Local sales of Silversea Cruises' new Galapagos Island product are lagging behind the rest of the world as Australians shy away from the cruise line's week-long itineraries in the wildlife haven.
The slow rate of bookings has surprised senior executives who have become accustomed to success in Australia, both for the Silver Explorer expedition vessel and Silversea's five mainstream ships.
Silversea released its debut Galapagos season last November, with two seven-night itineraries set to begin in late September on the 99-passenger Silver Galapagos.
While global sales are in line with expectations, expedition cruise director Conrad Combrink told Travel Today that Australian sales were disappointing and "trailing behind the rest of the world".
He attributed the performance to a belief in Australia that a seven-night cruise in the Galapagos is too long.
"Australians have traditionally been sold a Galapagos itinerary of three or four nights and have a perception that seven nights is too long," he said. "We need to get the message across that three or four nights is just not long enough. We studied different products and itineraries and concluded that you will not get the full experience of the Galapagos Islands in a cruise of that length. We feel a week is a perfect length of time."
Combrink predicted that while Australians sales are disappointing, they will pick up.
"I don't think it's a lasting effect," he said. "Australia is our second largest market for the Silver Explorer. On our Polar expeditions, 25% of the passengers are Australians. Four years ago that would have been 5%, so they like to travel, are adventurous and like the Silversea product."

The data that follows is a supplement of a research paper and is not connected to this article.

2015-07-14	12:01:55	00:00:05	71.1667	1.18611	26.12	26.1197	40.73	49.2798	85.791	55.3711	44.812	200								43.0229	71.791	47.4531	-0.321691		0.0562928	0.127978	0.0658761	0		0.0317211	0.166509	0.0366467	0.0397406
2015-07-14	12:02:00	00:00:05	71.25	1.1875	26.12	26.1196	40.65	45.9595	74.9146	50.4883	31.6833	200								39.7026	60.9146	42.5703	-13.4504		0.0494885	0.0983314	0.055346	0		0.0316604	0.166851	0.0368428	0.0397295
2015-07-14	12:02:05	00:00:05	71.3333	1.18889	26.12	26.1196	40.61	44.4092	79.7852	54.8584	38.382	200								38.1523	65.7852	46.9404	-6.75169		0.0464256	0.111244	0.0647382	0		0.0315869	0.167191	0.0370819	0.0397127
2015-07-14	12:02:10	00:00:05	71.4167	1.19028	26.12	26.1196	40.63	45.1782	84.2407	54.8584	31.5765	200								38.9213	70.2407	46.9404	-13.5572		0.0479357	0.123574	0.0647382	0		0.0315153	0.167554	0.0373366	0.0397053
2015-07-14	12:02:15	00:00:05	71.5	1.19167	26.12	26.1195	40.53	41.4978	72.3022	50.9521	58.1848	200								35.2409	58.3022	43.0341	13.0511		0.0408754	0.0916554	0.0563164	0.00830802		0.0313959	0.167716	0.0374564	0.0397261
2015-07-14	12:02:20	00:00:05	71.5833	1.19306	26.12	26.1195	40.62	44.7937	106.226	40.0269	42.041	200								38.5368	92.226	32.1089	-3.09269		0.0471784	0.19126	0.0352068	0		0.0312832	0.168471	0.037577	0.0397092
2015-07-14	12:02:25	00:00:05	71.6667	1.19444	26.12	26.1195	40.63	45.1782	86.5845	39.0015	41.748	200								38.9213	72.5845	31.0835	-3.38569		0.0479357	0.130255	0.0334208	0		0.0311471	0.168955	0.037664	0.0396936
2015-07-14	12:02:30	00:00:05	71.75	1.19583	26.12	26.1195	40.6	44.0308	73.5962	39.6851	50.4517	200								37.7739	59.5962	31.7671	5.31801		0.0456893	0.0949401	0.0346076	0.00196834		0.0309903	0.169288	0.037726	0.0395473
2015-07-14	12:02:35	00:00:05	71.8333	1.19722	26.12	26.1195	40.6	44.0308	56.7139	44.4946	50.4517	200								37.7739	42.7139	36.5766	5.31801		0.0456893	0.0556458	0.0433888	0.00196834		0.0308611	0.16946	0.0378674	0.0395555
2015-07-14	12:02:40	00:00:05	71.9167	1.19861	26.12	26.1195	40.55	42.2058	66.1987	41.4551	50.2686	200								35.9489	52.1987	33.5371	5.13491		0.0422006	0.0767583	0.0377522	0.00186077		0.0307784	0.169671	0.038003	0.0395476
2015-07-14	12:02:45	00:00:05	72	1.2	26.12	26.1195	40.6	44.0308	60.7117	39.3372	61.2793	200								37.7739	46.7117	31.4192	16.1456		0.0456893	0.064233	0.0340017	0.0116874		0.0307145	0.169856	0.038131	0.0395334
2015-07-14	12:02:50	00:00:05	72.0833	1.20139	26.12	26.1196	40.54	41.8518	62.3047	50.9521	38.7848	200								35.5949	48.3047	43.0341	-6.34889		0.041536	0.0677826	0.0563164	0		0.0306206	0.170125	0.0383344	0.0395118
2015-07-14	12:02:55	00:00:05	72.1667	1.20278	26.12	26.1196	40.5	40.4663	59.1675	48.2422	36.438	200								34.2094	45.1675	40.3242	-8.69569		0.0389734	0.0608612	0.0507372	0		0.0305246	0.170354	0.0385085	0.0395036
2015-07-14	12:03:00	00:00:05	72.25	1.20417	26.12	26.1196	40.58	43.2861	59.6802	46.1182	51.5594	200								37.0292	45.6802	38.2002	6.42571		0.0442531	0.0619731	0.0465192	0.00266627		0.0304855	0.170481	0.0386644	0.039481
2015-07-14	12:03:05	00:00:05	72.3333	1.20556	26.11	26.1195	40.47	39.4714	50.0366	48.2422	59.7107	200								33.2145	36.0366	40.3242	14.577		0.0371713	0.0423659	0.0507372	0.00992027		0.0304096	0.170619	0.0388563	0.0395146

There is no reason why Australia could not become the number one market for its expedition product over time, Combrink added.
Silversea's Galapagos vessel, which is still operating as the Galapagos Explorer II, will enter dry dock for a month later this year ahead of the September launch.
It will feature 53 suites, 50% of which will have private verandas. Combrink claimed there was no luxury expedition operator in the Galapagos, a gap in the market that will be filled by the Silver Galapagos.
He said a critical task ahead of the first season will be to train existing staff to Silversea standards. Virtually all crew will be retained from the Galapagos Explorer II and are Ecuadorian or from the Galapagos Islands.
"We are not underestimating that challenge [of training staff]," Combrink said.
Silversea will have owned the vessel – and its parent company – for 18 months before the inaugural voyage on September 28, a timeframe which has allowed the company to comprehensively explore and design the product, refurbish the ship and train crew.
"We feel that is the right amount of time," Combrink said.
Crew will spend time on Silversea's other ships to gain first-hand experience of service levels, Combrink said.
It will be essential for the Silver Galapagos to mirror the same levels of product and service as its sister ships, he added.